Communism, Buddhism and Catholicism sit side by side in apparent harmony ,the focus of modern life being material wellbeing, which is the common aim, and they work hard, although millions are still dependent on agriculture.. The families are large and and the bonds tight and are the root from which rural life grows. In amongst rice paddies are the graves of family members giving insight into the long connections of families and towns. The young head for the cities to earn a living if they can but always come back on the frequent busses that thunder down the road as the new world passes by the old.


Bohol Island, Philippines


Bohol is justifiably famous for beaches and resorts and boats, but if you suffer from beach ennui, or like to take a more quizzical and enquiring approach to discovering places, there are lots of goodies on Bohol.



It’s fun to cruise down the Loboc river very slowly, have some lunch relax from the slow lazy movement of the water and absorb river life. For me one of the joys of rivers is when they are firmly bounded by nature, the jungle the vegetation so you are se firmly in the middle of nature with only the odd incursion of the world. There is a satisfying relationship between river and vegetation, they know each other and they enclose you. Occasionally humans insert themselves into this timeless relationship and swim or fish or even live on the banks but you are always conscious that humans are welcomes visitors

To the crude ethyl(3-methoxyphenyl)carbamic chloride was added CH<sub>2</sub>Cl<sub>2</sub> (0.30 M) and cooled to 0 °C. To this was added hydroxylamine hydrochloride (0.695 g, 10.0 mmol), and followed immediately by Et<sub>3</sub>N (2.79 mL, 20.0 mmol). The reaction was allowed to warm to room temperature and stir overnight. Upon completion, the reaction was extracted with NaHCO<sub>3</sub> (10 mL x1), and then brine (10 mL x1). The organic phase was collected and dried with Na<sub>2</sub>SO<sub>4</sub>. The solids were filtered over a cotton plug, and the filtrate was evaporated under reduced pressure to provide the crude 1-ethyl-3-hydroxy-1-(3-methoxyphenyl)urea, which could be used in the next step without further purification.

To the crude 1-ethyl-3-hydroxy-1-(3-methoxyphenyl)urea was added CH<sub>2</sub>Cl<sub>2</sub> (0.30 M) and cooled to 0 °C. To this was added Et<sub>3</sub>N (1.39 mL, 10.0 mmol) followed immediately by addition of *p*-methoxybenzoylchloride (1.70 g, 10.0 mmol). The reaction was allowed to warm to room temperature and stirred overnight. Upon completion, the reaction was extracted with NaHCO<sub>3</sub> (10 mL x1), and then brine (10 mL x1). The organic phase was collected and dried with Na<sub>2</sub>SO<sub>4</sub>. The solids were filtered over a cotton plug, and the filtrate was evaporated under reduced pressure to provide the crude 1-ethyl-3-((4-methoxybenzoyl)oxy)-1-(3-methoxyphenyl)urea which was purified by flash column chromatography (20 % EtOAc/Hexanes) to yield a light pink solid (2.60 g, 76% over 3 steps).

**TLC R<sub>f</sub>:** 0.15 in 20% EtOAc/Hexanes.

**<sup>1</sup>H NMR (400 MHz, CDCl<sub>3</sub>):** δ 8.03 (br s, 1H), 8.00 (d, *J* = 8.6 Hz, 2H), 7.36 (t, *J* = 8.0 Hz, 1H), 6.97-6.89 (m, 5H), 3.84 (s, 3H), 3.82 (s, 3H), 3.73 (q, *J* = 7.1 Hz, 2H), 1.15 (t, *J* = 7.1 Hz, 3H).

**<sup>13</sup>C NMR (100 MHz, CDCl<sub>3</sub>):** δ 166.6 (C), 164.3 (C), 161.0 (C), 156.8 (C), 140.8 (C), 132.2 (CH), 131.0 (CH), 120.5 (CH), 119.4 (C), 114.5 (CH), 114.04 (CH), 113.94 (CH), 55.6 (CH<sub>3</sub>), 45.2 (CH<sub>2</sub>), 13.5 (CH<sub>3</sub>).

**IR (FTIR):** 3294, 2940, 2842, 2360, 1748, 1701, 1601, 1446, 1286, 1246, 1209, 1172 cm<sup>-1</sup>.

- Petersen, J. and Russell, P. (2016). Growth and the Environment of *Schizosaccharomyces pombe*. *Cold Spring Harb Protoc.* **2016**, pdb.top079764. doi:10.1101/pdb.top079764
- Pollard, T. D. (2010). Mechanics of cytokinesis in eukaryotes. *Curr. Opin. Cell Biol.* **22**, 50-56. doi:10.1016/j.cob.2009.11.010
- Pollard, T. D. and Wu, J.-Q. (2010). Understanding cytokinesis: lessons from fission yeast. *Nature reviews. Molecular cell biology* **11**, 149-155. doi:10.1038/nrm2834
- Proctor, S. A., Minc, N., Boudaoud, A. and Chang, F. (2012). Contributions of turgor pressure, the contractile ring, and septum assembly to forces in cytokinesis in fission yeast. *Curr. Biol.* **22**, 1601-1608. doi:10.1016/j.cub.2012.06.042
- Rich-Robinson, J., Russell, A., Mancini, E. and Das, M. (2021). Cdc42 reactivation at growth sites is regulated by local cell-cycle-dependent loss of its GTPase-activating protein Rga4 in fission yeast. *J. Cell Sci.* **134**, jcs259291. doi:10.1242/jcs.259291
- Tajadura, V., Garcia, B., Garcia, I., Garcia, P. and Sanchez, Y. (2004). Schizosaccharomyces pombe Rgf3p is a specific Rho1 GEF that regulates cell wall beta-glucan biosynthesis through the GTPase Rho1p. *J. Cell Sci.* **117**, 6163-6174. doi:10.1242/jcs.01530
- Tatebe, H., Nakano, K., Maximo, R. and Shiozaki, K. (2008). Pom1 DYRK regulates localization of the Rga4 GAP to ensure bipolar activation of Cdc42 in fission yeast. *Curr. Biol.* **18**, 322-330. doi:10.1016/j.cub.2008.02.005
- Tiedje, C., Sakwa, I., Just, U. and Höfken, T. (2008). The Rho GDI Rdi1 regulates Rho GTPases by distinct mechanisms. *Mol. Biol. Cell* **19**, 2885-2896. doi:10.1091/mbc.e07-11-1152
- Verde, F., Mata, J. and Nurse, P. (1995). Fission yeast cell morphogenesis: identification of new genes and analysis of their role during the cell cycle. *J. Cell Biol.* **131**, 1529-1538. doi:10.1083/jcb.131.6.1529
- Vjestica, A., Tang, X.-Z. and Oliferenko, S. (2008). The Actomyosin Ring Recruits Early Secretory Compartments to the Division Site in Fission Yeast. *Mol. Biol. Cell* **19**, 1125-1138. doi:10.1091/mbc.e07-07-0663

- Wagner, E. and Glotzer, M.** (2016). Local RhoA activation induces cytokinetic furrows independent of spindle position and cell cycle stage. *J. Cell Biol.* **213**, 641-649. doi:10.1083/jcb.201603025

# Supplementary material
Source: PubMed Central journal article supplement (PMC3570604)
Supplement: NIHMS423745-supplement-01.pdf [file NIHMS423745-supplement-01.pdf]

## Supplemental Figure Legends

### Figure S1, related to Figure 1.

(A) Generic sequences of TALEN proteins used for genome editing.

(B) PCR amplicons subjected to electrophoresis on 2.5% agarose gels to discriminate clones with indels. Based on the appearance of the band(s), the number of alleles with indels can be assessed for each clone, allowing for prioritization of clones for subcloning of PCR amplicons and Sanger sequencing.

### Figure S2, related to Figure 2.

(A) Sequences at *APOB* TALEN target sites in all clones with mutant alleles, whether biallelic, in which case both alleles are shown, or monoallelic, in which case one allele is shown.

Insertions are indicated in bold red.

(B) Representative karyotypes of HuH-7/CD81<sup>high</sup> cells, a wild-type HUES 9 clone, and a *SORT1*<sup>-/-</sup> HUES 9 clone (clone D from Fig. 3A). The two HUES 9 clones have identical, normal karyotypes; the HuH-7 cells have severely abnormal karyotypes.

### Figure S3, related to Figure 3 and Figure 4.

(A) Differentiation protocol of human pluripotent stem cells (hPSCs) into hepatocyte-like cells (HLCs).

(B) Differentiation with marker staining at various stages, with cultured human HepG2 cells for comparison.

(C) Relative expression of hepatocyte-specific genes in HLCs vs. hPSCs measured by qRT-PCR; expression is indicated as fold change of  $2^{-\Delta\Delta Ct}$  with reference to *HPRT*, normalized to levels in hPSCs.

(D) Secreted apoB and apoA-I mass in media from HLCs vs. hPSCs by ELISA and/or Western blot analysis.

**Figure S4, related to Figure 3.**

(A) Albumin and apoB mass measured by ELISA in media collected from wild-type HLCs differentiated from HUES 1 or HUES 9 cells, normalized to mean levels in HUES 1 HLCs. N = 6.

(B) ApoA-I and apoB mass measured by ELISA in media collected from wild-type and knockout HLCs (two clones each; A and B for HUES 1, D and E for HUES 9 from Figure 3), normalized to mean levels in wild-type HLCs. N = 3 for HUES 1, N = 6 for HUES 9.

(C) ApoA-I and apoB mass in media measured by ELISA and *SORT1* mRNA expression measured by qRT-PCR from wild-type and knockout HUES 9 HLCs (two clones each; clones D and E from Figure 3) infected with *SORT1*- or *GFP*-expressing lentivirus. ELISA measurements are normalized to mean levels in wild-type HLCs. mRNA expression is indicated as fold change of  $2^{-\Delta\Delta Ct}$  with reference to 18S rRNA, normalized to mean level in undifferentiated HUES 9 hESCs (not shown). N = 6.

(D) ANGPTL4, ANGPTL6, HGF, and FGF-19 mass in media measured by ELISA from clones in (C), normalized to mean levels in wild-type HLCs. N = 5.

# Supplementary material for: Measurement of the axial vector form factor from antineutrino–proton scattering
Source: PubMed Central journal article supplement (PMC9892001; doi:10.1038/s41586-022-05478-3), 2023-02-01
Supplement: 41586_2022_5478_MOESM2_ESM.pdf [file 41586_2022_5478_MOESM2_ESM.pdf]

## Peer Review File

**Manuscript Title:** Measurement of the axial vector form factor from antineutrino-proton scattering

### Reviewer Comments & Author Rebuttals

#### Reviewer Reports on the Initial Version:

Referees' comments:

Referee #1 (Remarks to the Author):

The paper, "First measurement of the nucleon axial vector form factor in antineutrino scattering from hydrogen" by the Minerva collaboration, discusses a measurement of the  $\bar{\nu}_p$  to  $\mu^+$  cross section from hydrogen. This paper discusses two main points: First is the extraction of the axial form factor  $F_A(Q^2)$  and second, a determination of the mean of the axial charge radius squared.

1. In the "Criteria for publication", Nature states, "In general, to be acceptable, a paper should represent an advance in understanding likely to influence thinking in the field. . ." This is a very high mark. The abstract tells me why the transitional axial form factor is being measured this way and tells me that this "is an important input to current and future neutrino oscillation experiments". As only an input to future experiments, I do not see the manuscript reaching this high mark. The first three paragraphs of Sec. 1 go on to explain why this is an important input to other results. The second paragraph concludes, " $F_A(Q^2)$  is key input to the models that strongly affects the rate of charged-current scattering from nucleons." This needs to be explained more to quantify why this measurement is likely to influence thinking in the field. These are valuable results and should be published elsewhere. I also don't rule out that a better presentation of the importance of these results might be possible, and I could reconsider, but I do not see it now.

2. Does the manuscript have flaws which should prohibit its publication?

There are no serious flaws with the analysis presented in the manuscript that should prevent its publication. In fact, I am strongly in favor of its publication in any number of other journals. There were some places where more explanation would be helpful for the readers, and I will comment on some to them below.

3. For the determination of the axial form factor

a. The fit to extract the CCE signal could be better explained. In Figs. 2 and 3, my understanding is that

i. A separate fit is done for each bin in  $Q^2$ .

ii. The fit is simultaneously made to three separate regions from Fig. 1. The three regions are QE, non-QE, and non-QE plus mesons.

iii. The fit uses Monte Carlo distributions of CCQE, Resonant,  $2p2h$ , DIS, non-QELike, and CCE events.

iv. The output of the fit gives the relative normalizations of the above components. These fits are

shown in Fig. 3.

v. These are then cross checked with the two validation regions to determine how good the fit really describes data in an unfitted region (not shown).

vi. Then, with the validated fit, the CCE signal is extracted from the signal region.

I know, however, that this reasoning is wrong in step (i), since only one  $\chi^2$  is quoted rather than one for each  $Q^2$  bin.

The Philippine Tarsier is the smallest primate on earth, they fit into the palm of your hand and the species can be traced back 45 million years. Visit the sanctuary where they are protected and encouraged to thrive and view them with great gentleness and respect. They are beautiful creatures with enormous eyes, which are the size of their brain, and those eyes are fixed and never move such that they rotate their heads to view laterally. They are a fascinating discovery


There are some interesting churches on Bohol many of which are now being renovated, which reflect the sometimes-turbulent course of Philippine history and reflect the early Spanish Catholic tradition. The Church of St Nino De Anda is one such containing as it does a great museum tracing its history.